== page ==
For the Global South’s working class, meaningful alternatives to these perilous crossings have almost completely disappeared. The passports of those on the capsized boat rank in the lowest rung on the Global Passport Index, meaning they can get into fewer countries without applying for a visa than those nationalities ranked higher. Out of 97 possible rungs, Syria ranks 96th, Pakistan 93rd, The Occupied Palestinian Territories at joint 89th with Libya, and Egypt as a relative outlier at joint 76th with Guinea and Niger.
At the same time, these visa application processes have become more expensive, opaque, and complicated, requiring endless reams of documentation, extensive financing, middle-men – and even, in many cases, certification of good conduct from the police. For nationals of countries with weak passports the odds of having a visa approved are practically zero – unless you are wealthy or prepared to take on dangerous work like deep-sea fishing.
People seeking asylum are expected to evidence their vulnerability through a variety of subjective metrics, and these are increasingly opaque and complicated. For single young men particularly, the presumption of unworthiness is especially high. Indeed, official policies routinely exclude this demographic from refugee protection at borders around the world, driving more of them to unconventional border crossings.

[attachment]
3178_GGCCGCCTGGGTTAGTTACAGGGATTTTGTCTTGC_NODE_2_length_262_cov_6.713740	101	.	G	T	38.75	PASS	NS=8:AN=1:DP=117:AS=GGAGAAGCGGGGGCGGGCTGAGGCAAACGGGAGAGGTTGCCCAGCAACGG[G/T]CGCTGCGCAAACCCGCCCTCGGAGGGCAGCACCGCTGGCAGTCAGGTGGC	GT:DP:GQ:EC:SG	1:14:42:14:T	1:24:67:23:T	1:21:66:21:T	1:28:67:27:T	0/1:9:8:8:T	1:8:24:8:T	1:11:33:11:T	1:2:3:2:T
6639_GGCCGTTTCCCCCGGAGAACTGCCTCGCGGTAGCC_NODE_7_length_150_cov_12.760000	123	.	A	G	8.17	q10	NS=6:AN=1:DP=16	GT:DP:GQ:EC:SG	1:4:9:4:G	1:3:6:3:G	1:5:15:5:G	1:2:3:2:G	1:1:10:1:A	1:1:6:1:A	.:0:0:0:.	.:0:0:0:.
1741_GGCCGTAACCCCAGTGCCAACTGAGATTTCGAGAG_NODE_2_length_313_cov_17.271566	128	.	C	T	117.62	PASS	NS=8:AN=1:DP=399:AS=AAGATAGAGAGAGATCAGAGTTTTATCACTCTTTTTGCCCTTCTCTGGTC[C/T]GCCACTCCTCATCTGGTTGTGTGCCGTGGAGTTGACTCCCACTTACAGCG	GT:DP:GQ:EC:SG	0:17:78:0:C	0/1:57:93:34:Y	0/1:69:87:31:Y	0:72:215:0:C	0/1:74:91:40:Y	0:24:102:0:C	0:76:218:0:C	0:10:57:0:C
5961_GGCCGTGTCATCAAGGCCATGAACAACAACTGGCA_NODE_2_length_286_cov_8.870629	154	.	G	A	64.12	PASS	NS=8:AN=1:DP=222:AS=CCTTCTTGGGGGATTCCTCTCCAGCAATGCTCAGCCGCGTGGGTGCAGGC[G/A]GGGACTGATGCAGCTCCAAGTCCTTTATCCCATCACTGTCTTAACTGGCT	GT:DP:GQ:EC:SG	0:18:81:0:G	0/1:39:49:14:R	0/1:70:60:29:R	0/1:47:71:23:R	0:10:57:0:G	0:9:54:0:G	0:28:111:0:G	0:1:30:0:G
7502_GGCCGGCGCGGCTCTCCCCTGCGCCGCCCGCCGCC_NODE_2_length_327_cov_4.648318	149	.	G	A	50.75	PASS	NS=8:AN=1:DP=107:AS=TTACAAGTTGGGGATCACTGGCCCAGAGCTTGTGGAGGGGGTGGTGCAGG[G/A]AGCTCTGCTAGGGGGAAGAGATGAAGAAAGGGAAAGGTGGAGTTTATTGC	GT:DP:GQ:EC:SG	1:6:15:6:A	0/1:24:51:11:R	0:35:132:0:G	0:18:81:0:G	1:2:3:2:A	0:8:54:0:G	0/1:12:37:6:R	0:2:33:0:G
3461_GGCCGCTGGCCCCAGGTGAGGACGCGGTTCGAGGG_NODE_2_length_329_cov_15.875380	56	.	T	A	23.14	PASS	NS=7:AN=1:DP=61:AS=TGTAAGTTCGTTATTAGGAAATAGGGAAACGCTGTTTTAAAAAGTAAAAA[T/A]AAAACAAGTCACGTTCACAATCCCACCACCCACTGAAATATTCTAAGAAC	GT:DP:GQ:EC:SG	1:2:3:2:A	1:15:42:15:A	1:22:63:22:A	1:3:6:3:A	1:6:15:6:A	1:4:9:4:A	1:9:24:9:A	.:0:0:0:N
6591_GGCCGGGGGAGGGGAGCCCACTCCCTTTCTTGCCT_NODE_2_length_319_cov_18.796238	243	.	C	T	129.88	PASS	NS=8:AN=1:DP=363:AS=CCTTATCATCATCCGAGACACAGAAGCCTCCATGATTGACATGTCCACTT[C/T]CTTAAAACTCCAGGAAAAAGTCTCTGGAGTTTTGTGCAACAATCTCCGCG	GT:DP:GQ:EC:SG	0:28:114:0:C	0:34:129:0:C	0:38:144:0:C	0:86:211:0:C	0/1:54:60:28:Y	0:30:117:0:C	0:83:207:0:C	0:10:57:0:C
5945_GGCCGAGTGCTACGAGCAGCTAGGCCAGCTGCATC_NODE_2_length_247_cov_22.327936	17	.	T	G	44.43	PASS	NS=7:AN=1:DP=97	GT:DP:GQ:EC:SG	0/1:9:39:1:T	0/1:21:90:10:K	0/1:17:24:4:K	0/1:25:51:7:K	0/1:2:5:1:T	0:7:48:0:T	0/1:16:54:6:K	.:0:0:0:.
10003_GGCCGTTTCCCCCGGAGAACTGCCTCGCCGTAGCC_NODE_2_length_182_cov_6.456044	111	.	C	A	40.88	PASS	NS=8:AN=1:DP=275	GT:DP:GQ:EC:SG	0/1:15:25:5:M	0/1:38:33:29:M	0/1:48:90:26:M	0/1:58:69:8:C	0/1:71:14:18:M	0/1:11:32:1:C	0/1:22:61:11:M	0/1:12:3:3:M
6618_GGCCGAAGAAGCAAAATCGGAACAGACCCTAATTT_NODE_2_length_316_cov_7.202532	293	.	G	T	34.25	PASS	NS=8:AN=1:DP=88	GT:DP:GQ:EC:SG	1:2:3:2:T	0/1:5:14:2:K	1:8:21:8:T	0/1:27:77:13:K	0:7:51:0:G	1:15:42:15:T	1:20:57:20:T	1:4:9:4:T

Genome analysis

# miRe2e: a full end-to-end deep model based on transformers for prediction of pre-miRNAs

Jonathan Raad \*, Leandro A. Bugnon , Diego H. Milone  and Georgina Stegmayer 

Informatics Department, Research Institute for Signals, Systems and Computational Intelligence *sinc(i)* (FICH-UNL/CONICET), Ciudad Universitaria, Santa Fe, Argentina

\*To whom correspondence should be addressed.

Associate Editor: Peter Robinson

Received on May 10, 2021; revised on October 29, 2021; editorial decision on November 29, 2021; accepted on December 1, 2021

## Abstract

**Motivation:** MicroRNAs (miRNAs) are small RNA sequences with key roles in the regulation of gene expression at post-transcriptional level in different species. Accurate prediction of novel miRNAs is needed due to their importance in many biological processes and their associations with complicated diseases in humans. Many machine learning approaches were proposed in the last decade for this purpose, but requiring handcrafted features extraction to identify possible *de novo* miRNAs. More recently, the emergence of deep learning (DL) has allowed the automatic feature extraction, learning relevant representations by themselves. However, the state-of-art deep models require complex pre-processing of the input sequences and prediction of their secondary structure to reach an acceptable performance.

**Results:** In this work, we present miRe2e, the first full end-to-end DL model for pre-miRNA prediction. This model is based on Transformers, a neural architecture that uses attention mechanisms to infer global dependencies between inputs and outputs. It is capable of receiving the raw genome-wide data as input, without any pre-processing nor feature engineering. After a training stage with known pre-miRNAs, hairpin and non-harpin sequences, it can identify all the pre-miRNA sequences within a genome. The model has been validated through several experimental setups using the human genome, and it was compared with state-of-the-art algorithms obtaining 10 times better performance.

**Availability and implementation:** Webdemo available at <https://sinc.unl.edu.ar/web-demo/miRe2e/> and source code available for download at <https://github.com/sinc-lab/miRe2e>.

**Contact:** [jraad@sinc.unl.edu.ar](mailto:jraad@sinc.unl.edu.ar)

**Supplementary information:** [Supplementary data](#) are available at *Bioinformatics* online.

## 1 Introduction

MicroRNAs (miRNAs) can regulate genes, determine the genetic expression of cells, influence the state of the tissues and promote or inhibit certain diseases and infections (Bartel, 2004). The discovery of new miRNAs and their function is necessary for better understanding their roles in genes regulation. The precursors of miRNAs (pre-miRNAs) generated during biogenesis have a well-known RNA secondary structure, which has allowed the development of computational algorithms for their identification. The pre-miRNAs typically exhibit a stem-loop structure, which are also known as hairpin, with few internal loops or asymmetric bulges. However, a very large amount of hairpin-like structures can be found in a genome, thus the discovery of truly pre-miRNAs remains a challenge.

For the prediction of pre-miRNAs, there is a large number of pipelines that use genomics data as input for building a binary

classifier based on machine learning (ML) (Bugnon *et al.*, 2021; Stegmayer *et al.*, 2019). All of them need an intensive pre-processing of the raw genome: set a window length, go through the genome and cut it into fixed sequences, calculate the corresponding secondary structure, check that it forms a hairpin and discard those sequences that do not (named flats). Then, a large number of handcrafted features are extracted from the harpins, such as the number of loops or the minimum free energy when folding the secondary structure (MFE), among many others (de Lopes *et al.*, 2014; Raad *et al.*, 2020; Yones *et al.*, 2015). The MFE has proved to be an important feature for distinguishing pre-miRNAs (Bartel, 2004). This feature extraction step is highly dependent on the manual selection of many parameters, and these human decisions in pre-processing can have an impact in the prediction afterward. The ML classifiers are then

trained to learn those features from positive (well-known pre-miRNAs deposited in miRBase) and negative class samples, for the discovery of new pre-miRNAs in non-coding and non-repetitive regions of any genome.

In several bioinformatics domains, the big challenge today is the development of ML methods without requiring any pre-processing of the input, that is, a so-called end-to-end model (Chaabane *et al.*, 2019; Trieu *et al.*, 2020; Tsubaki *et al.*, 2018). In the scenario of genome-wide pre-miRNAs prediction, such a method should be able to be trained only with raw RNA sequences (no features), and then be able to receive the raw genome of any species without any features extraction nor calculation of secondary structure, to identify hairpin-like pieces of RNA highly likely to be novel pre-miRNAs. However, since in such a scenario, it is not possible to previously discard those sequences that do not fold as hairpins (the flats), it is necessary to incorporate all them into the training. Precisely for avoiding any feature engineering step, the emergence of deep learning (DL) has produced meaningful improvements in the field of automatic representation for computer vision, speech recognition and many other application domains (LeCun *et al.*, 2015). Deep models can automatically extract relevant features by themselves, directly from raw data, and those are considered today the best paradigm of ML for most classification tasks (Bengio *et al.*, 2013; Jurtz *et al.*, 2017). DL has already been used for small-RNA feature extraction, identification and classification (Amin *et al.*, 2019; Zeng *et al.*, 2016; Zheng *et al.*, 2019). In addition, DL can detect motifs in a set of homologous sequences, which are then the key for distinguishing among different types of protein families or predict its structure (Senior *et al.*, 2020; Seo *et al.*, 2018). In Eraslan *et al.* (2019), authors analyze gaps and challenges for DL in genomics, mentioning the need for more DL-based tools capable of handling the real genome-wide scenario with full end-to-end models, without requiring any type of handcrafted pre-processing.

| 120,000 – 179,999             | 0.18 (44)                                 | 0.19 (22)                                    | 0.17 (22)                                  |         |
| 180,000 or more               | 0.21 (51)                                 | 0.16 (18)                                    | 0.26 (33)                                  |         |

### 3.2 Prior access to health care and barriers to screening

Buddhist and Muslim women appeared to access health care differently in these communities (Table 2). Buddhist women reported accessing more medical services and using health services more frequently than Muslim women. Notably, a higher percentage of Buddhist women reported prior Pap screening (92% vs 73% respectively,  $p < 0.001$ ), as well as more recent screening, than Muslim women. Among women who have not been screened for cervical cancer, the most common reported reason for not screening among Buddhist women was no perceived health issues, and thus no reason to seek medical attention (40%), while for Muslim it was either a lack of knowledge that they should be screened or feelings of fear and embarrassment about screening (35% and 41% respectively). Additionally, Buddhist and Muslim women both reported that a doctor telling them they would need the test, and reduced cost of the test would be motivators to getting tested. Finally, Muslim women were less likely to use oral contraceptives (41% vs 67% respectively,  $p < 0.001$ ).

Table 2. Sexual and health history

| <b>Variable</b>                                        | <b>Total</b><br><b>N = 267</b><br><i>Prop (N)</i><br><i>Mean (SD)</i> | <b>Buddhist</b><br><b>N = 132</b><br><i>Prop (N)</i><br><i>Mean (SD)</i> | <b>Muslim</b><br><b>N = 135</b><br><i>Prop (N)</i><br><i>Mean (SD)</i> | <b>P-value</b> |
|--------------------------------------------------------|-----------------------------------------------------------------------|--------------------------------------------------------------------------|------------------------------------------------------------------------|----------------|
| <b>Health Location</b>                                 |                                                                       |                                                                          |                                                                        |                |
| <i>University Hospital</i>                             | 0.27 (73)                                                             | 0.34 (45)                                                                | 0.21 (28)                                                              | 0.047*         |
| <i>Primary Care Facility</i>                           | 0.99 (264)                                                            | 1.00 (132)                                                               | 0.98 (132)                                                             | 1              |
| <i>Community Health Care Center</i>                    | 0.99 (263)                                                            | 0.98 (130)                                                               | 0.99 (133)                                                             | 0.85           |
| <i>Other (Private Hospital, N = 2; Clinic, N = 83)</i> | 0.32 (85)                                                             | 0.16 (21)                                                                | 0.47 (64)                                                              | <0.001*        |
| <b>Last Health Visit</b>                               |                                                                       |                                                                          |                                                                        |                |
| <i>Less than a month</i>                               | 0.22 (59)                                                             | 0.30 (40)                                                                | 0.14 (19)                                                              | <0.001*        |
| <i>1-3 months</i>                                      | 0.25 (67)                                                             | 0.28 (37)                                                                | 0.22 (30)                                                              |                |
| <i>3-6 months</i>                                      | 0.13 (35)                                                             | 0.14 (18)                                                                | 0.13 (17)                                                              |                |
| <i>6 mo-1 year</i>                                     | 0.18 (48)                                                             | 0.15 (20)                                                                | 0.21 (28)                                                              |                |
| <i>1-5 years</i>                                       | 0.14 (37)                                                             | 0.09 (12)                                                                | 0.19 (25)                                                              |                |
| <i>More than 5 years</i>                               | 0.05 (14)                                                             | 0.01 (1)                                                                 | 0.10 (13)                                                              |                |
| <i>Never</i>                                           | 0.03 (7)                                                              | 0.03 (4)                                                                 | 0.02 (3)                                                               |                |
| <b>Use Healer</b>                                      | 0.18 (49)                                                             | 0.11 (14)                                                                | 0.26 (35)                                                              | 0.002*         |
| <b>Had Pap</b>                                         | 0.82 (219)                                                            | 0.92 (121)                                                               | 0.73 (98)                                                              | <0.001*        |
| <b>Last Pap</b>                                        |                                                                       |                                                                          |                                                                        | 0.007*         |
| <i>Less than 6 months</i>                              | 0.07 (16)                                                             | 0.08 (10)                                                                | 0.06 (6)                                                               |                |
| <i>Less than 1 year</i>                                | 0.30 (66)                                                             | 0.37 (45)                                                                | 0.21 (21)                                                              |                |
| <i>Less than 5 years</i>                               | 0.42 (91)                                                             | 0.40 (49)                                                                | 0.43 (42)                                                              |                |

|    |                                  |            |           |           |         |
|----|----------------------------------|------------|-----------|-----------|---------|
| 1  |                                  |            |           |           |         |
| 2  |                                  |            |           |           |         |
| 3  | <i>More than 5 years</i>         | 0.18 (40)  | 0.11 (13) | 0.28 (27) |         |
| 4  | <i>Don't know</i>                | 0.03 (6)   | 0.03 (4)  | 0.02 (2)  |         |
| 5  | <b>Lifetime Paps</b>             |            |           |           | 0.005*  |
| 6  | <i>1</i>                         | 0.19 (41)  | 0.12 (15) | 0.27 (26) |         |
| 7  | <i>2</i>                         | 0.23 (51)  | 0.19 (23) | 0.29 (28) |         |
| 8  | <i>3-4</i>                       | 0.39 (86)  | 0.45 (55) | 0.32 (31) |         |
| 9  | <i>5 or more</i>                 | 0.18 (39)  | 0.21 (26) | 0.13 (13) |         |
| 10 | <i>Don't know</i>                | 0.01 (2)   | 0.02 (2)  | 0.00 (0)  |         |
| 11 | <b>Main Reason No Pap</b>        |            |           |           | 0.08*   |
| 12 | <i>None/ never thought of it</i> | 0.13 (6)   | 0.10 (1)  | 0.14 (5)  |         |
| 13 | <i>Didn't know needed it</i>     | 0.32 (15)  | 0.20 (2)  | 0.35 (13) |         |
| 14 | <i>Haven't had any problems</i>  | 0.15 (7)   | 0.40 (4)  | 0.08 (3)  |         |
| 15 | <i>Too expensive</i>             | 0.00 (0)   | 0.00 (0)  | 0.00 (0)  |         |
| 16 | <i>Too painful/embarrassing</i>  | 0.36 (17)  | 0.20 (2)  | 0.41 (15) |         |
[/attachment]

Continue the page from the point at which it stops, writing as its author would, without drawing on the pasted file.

State-funded migrant deaths?
Moreover, the global circumstances that make escape an attractive option are often a direct consequence of the foreign policy of the states that also condemn people to treacherous migration routes. For Palestinians and Egyptians, their experience of both occupation and military rule is a direct consequence of the Global North projecting its foreign policy into their territories.
On 19 June, five days after the Greek tragedy, EU high representative Joseph Borell was in Cairo offering the Egyptian government $22 million to ‘help address the wave of Sudanese refugees’, even while political prisoners resisting the military regime languish in Egyptian prisons. On the same day, the Israeli government – the largest recipient of US foreign assistance – announced plans to build thousands of new homes in the Occupied Palestinian Territories, implicitly promising to displace the Palestinians who already live there.
Meanwhile, Syrians are escaping from a war whose trajectory is intimately connected with the politics of the global majority while Pakistanis are confronting economic collapse triggered in part by their nation’s crippling public debt. Flight, whether for safety or opportunity, is intimately connected to the position that a specific nation occupies in global politics.